It was taught in a Beraita[1]: One may not read by lamplight (on Shabbat) lest he tilt the lamp [2].

Rabbi Yishmael ben Elisha said: “I will read by lamplight and I will not tilt the lamp.”

It once occurred that he was reading by lamplight on Shabbat and sought to tilt the lamp, but caught himself in time. He declared: “How great are the words of the Sages because they said ‘One may not read by lamplight (on Shabbat).’”

Rabbi Natan stated a different version of the above in which Rabbi Yishmael read by lamplight on Shabbat and actually did tilt the lamp. He then wrote in his notebook: “I, Yishmael ben Elisha, read by lamplight on Shabbat and tilted the lamp. When the Temple is rebuilt I will bring a fat (i.e. fine) Chatat [3] offering. (Gemara Shabbat 12b)

Elsewhere in the Talmud we are taught that God always protects the righteous from inadvertent transgression (Gemara Ketubot 28b). Why, then, was Rabbi Yishmael not protected from tilting the lamp? Ritva [4] explains that Rabbi Yishmael did not merit protection because he transgressed his colleagues’ prohibition against reading by lamplight on Shabbat.

It is interesting to note that the Beraita above stated a Rabbinic law followed by its rationale, whereas the Mishnah (on Gemara Shabbat 11a) taught only the law, without the rationale, i.e. ‘One may not read by lamplight (on Shabbat).’ Accordingly, the Vilna Gaon [5] elucidates that when Rabbi Yishmael ben Elisha said: “How great are the words of the Sages because they said ‘One may not read by lamplight (on Shabbat)’”, he meant: how great is the wisdom of the Sages who taught the Halachah but did not continue and teach the reason ‘lest he tilt the lamp’ – so that no one should say that the reason does not apply to him and inadvertently sin!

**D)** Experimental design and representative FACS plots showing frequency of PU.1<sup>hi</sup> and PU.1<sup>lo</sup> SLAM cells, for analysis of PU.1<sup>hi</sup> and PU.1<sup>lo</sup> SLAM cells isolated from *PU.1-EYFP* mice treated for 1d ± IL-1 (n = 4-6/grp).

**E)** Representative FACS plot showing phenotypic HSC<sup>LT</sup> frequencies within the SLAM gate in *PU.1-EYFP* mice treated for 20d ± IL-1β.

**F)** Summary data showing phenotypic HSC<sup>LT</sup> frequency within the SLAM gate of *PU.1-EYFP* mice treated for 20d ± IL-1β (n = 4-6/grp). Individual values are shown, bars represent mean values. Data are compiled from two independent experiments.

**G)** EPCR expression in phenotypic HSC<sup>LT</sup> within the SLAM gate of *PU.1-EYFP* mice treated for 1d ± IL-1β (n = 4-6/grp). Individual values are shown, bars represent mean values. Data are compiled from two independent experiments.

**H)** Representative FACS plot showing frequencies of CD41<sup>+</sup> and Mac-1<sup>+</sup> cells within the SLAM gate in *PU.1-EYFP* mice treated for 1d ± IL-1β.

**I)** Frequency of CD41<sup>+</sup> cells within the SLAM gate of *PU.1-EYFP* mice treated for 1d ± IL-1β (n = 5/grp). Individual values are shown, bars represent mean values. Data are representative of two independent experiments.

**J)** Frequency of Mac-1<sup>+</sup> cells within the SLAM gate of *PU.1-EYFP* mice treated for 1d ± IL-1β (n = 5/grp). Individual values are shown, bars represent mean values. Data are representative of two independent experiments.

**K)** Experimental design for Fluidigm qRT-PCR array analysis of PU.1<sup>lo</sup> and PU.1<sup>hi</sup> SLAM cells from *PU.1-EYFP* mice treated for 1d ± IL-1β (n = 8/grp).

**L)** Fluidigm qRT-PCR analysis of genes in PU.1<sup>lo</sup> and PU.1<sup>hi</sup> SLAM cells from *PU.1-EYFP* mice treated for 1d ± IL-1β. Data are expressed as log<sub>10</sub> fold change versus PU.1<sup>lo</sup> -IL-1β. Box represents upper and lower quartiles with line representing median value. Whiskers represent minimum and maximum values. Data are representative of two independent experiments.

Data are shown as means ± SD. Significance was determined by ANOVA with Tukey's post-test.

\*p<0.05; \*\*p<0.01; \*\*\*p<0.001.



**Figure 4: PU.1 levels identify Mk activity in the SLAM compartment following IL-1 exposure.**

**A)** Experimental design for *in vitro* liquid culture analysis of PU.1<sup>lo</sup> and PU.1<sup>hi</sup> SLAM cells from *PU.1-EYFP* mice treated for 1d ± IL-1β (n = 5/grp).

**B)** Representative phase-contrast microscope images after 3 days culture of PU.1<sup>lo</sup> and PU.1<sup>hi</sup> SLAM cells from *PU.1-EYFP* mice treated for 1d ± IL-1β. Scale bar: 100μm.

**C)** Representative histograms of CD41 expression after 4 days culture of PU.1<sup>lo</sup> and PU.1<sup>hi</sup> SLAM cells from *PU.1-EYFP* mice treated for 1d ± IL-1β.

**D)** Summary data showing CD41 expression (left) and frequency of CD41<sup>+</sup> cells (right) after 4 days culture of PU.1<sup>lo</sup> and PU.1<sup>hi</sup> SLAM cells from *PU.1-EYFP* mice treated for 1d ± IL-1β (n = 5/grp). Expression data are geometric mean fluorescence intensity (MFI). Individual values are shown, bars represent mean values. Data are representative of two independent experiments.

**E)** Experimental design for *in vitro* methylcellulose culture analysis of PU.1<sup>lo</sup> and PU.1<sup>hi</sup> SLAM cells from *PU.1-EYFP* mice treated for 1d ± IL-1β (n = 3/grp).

The same theme is mentioned in Gemara Sanhedrin 21b: “Why were the reasons for the Torah’s laws not revealed? Because two verses did reveal their reasons and even the great King Solomon faltered with them. For instance, the verse states in Devarim 17:17: ‘A king should not have many wives lest his heart turn away’ but Solomon said: ‘I will have many wives and not be led astray.’ Later, we read that his many wives did in fact cause him to turn away from God (Melachim I, 11:4). [6]” [7]



1. The Beraitas are supplements to the Mishnah, forming part of the Oral Law.

2. It frequently occurs that the oil in a lamp draws away from the wick, causing the light to dim. This is usually rectified by tilting the lamp, thereby moving the oil towards the wick; this would constitute kindling, which is one of the forbidden activities on Shabbat. (Rashi)

3. Chatat is translated as a sin offering. It is brought for unintentionally transgressing a Torah law for which the penalty would have been lashes or excision if the transgression had been intentional (VaYikra 4:2 & Rashi). For instance, the unintentional desecration of Shabbat.

4. Ritva is an acronym for Rabbi Yom Tov ben Avraham Ashbili (1250-1330).

5. Cited in MaHaRatz Chayot

6. King Solomon did not actually build an altar for idolatry, but he did not protest against his wives who worshipped idols. (Gemara Shabbat 56b)

7. The other example brought in the Gemara is where Solomon failed to observe the verse in Devarim 17:16